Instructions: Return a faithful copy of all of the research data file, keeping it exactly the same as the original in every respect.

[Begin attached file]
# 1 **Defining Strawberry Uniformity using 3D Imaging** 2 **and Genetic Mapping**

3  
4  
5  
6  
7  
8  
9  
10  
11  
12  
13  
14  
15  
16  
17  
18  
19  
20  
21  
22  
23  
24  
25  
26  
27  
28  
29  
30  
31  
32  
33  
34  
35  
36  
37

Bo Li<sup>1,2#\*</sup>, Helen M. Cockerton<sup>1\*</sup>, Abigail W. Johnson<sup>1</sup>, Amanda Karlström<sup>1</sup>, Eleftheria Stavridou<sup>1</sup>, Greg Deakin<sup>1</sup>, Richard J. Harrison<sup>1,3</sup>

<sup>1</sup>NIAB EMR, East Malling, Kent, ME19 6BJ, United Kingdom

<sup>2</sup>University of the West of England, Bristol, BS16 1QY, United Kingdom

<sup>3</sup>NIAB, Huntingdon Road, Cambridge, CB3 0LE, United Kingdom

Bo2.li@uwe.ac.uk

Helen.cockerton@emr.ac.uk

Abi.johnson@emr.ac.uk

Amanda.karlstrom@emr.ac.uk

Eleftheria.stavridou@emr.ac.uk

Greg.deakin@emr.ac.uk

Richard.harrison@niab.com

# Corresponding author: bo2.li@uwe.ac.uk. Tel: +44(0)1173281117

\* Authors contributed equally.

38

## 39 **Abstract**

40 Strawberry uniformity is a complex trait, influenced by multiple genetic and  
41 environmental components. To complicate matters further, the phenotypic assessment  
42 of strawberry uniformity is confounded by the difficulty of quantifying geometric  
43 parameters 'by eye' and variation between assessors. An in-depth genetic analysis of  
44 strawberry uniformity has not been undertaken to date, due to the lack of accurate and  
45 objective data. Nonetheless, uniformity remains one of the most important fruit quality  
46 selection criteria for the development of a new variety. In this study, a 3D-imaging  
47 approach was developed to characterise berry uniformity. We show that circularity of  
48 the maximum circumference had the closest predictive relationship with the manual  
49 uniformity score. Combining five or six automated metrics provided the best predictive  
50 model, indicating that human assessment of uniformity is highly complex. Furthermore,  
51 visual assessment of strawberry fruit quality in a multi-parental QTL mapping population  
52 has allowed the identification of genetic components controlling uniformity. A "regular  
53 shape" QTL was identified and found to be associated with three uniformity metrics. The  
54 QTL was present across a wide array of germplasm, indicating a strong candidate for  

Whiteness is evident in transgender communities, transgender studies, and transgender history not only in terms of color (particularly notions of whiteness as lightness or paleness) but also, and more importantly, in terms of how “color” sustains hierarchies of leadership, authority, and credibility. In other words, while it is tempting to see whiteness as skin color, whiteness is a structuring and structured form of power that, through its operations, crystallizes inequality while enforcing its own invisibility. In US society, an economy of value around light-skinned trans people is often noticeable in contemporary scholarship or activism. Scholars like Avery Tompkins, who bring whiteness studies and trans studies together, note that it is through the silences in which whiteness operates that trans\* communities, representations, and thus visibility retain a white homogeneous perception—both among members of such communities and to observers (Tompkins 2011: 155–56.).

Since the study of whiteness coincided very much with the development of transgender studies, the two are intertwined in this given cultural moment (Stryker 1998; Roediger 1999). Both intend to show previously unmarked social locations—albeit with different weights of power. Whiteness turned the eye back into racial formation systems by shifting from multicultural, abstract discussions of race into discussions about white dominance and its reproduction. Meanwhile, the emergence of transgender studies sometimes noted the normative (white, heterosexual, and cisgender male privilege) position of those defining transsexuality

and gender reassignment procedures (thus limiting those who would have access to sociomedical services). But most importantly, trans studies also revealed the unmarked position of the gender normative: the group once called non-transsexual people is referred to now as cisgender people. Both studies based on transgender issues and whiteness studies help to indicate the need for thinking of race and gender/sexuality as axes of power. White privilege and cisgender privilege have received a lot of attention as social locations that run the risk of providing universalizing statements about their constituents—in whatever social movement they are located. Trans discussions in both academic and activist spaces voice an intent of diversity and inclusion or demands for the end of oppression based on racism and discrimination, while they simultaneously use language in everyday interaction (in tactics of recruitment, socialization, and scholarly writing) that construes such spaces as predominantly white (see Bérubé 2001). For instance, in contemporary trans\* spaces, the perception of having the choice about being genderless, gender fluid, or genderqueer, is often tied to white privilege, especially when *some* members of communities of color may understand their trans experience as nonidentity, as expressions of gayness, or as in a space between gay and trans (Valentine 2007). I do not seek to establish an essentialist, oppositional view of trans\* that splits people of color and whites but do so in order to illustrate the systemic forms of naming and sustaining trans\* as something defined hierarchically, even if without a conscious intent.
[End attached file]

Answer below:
# 1 **Defining Strawberry Uniformity using 3D Imaging** 2 **and Genetic Mapping**

3  
4  
5  
6  
7  
8  
9  
10  
11  
12  
13  
14  
15  
16  
17  
18  
19  
20  
21  
22  
23  
24  
25  
26  
27  
28  
29  
30  
31  
32  
33  
34  
35  
36  
37

Bo Li<sup>1,2#\*</sup>, Helen M. Cockerton<sup>1\*</sup>, Abigail W. Johnson<sup>1</sup>, Amanda Karlström<sup>1</sup>, Eleftheria Stavridou<sup>1</sup>, Greg Deakin<sup>1</sup>, Richard J. Harrison<sup>1,3</sup>

<sup>1</sup>NIAB EMR, East Malling, Kent, ME19 6BJ, United Kingdom

<sup>2</sup>University of the West of England, Bristol, BS16 1QY, United Kingdom

<sup>3</sup>NIAB, Huntingdon Road, Cambridge, CB3 0LE, United Kingdom

Bo2.li@uwe.ac.uk

Helen.cockerton@emr.ac.uk

Abi.johnson@emr.ac.uk

Amanda.karlstrom@emr.ac.uk

Eleftheria.stavridou@emr.ac.uk

Greg.deakin@emr.ac.uk

Richard.harrison@niab.com

# Corresponding author: bo2.li@uwe.ac.uk. Tel: +44(0)1173281117

\* Authors contributed equally.

38

## 39 **Abstract**

40 Strawberry uniformity is a complex trait, influenced by multiple genetic and  
41 environmental components. To complicate matters further, the phenotypic assessment  
42 of strawberry uniformity is confounded by the difficulty of quantifying geometric  
43 parameters 'by eye' and variation between assessors. An in-depth genetic analysis of  
44 strawberry uniformity has not been undertaken to date, due to the lack of accurate and  
45 objective data. Nonetheless, uniformity remains one of the most important fruit quality  
46 selection criteria for the development of a new variety. In this study, a 3D-imaging  
47 approach was developed to characterise berry uniformity. We show that circularity of  
48 the maximum circumference had the closest predictive relationship with the manual  
49 uniformity score. Combining five or six automated metrics provided the best predictive  
50 model, indicating that human assessment of uniformity is highly complex. Furthermore,  
51 visual assessment of strawberry fruit quality in a multi-parental QTL mapping population  
52 has allowed the identification of genetic components controlling uniformity. A "regular  
53 shape" QTL was identified and found to be associated with three uniformity metrics. The  
54 QTL was present across a wide array of germplasm, indicating a strong candidate for  

Whiteness is evident in transgender communities, transgender studies, and transgender history not only in terms of color (particularly notions of whiteness as lightness or paleness) but also, and more importantly, in terms of how “color” sustains hierarchies of leadership, authority, and credibility. In other words, while it is tempting to see whiteness as skin color, whiteness is a structuring and structured form of power that, through its operations, crystallizes inequality while enforcing its own invisibility. In US society, an economy of value around light-skinned trans people is often noticeable in contemporary scholarship or activism. Scholars like Avery Tompkins, who bring whiteness studies and trans studies together, note that it is through the silences in which whiteness operates that trans\* communities, representations, and thus visibility retain a white homogeneous perception—both among members of such communities and to observers (Tompkins 2011: 155–56.).

Since the study of whiteness coincided very much with the development of transgender studies, the two are intertwined in this given cultural moment (Stryker 1998; Roediger 1999). Both intend to show previously unmarked social locations—albeit with different weights of power. Whiteness turned the eye back into racial formation systems by shifting from multicultural, abstract discussions of race into discussions about white dominance and its reproduction. Meanwhile, the emergence of transgender studies sometimes noted the normative (white, heterosexual, and cisgender male privilege) position of those defining transsexuality

and gender reassignment procedures (thus limiting those who would have access to sociomedical services). But most importantly, trans studies also revealed the unmarked position of the gender normative: the group once called non-transsexual people is referred to now as cisgender people. Both studies based on transgender issues and whiteness studies help to indicate the need for thinking of race and gender/sexuality as axes of power. White privilege and cisgender privilege have received a lot of attention as social locations that run the risk of providing universalizing statements about their constituents—in whatever social movement they are located. Trans discussions in both academic and activist spaces voice an intent of diversity and inclusion or demands for the end of oppression based on racism and discrimination, while they simultaneously use language in everyday interaction (in tactics of recruitment, socialization, and scholarly writing) that construes such spaces as predominantly white (see Bérubé 2001). For instance, in contemporary trans\* spaces, the perception of having the choice about being genderless, gender fluid, or genderqueer, is often tied to white privilege, especially when *some* members of communities of color may understand their trans experience as nonidentity, as expressions of gayness, or as in a space between gay and trans (Valentine 2007). I do not seek to establish an essentialist, oppositional view of trans\* that splits people of color and whites but do so in order to illustrate the systemic forms of naming and sustaining trans\* as something defined hierarchically, even if without a conscious intent.